Call to turn oil rigs into nature reserves

Oil rig

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Marine wildlife could benefit if some de-commissioned oil rigs were left on the sea bed, a survey says.

This challenges the conventional wisdom that the sea bed should be restored to its pristine state when a rig’s life ends.

The paper says over the 30-year lifetime of an oil rig, creatures have often colonised the structure to form a reef.

It says this artificial habitat can be more valuable than the original seabed.

It can also protect sea creatures from fishing.

The paper from the University of Technology in Sydney, Australia, is based on a survey of 40 experts from academia, government and consultancies.

Their focus was on the North Sea – but the authors say the principles are applicable anywhere.

More than 90% of the experts surveyed said governments should abandon the principle that oil rigs should always be removed.

Instead, there should be a more flexible, case-by-case approach to de-commissioning.

It warns that the process of removing the rigs can be damaging to the environment in its own right.

What is the case for and against?

The paper drew a sceptical response from Greenpeace. Their spokesman Doug Parr told BBC News:

“If companies want to propose artificial reefs for ecological benefit there are international legal processes for doing so which will need to be justified to the full range of scientific opinion.

“The North Sea is not a natural environment for hard structures and leaving rigs there is a distortion of the ecosystem – a raft of plastic bottles accumulates marine life, but no-one is arguing we should create more.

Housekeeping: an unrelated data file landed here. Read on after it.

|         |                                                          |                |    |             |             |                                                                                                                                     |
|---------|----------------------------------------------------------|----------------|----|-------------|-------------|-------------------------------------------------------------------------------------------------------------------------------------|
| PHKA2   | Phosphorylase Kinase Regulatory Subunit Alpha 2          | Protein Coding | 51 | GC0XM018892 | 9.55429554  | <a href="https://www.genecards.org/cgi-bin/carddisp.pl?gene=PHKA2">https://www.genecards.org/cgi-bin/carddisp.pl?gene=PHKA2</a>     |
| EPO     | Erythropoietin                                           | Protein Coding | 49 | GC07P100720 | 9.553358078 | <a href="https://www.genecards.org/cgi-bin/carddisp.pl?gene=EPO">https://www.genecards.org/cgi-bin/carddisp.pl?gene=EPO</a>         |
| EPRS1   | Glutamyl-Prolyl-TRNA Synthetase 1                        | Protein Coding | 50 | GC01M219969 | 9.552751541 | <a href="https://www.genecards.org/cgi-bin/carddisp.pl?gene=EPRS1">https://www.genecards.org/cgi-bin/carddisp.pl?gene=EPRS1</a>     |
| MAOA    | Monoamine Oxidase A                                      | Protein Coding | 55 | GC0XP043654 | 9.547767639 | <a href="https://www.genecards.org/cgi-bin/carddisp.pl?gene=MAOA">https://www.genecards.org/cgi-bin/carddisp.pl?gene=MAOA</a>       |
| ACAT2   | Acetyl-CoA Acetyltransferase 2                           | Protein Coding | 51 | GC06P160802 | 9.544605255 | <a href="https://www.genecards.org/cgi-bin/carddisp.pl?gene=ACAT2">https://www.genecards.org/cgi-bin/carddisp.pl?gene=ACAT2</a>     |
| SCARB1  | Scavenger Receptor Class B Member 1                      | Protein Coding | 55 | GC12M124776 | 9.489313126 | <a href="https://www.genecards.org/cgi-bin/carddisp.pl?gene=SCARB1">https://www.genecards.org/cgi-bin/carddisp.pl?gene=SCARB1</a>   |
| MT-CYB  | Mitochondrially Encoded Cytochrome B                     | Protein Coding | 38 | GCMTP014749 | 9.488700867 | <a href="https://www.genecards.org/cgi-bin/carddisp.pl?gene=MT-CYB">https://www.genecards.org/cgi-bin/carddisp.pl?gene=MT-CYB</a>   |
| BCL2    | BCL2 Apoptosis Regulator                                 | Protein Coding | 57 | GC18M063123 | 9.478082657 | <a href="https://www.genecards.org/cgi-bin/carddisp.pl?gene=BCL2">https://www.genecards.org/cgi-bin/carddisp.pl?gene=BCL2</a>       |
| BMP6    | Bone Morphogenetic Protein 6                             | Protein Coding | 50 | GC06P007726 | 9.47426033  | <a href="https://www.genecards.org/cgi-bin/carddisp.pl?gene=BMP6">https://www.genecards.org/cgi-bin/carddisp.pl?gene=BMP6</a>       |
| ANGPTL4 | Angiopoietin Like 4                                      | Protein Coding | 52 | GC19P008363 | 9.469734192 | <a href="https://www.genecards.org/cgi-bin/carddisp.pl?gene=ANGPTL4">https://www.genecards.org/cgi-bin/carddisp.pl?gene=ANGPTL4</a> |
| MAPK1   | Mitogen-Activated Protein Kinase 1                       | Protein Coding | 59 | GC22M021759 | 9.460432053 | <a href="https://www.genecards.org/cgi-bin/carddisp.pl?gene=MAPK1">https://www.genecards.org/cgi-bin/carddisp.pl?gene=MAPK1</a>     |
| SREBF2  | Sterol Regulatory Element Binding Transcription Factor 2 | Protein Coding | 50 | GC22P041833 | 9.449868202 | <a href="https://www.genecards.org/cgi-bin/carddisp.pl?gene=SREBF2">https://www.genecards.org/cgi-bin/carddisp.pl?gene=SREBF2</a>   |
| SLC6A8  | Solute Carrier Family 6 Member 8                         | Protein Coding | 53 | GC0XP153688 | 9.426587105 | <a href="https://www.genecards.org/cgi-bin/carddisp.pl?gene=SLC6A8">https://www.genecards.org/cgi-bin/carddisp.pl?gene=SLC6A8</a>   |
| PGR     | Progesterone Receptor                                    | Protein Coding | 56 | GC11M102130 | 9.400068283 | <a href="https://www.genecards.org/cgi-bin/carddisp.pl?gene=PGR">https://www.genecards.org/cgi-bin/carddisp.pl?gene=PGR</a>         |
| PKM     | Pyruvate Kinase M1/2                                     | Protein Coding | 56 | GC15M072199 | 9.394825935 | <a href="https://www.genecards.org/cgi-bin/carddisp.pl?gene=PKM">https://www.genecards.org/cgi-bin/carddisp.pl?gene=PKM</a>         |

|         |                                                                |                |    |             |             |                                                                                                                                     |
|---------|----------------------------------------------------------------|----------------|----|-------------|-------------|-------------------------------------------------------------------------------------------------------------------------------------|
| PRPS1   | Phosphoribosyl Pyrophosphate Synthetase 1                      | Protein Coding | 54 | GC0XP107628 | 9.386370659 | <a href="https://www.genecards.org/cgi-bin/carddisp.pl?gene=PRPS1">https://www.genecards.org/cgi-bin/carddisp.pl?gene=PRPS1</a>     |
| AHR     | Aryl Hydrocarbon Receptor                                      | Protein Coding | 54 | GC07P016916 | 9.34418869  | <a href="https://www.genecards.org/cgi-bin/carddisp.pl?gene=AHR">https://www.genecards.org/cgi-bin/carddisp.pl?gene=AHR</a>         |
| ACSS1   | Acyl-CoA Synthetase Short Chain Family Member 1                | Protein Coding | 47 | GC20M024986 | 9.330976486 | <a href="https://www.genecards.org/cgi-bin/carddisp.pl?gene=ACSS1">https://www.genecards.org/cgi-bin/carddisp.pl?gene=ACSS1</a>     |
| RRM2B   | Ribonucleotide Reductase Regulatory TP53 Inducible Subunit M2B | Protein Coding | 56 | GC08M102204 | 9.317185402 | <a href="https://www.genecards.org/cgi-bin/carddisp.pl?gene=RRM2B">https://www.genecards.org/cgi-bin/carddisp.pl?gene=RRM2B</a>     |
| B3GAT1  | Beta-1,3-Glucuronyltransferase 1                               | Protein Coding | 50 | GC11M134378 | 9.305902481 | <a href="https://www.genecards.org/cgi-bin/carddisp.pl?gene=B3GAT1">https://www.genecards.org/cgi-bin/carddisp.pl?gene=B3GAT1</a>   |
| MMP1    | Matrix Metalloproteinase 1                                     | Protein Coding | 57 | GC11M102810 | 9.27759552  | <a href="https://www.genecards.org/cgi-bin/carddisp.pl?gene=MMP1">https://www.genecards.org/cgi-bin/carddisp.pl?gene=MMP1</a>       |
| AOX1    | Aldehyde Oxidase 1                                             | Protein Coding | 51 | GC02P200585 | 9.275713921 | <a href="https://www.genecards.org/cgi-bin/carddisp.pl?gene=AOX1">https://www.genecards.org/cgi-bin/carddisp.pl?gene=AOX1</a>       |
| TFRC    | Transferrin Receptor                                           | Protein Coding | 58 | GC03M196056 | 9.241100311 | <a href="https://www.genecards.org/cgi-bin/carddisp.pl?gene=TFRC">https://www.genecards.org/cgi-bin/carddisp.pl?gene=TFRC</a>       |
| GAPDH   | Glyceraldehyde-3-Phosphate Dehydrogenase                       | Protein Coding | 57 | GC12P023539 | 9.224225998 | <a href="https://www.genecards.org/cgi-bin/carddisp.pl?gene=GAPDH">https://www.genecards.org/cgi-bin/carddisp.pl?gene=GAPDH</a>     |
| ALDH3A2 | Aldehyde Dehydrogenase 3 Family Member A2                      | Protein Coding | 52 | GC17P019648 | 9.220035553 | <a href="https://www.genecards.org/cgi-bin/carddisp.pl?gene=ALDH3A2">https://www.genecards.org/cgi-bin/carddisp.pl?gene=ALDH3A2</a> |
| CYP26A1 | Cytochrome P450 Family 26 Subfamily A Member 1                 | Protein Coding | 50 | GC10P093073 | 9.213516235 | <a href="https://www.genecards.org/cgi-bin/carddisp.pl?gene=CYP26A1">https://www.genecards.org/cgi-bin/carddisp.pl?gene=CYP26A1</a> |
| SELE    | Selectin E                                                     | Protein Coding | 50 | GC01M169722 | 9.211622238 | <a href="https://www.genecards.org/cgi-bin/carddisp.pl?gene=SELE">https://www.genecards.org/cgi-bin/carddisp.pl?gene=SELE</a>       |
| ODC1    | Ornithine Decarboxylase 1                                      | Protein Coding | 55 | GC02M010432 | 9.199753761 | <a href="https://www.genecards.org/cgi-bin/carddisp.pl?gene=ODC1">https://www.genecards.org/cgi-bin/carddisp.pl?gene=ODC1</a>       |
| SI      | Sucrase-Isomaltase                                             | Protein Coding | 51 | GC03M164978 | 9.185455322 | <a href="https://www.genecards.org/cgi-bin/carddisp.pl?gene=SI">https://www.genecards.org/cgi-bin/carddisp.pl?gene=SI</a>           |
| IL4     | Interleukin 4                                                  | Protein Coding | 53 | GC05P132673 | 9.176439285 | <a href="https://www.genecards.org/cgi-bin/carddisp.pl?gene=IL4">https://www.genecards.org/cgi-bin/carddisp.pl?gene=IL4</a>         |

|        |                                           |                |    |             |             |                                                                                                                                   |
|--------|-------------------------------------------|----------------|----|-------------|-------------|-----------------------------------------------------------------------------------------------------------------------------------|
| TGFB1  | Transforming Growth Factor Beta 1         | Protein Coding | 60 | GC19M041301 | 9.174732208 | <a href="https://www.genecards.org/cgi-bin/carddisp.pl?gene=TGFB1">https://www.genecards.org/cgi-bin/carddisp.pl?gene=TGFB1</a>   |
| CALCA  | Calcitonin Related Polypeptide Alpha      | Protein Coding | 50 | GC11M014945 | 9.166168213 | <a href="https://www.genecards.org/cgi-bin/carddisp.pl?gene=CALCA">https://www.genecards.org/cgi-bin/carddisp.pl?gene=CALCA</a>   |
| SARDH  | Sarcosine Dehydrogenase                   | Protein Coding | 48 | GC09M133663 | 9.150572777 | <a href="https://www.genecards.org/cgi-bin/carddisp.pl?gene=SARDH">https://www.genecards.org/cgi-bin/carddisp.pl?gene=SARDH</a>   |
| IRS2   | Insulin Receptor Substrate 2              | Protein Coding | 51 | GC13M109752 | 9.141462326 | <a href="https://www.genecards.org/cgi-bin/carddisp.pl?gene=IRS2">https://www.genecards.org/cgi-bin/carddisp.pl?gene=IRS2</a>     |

“We should be wary of proposals that look like a convenient way of oil companies avoiding their responsibility to clean up after themselves.”

But David Johns, Head of the Plankton Recorder Survey at the Marine Biological Association and co-author of the paper, said it was time for a re-think.

He said multiple factors had to be taken into account when de-commissioning. He said: “There needs to be a case-by-case evaluation.

“These sites can become refuges for many under-threat organisms. And the physical presence of a sub-sea structure limits fishing effort in the local area.”

Will a change in policy save cash?

If the findings are adopted by governments it would offer a financial boon to the oil industry – and also in future to the wind industry, which will undergo a similar de-commissioning issues as turbines age.

The paper says under the current regulations, based on OSPAR Decision 98/3, more than 1300 offshore oil and gas installations will have to be brought to shore over the coming decades.

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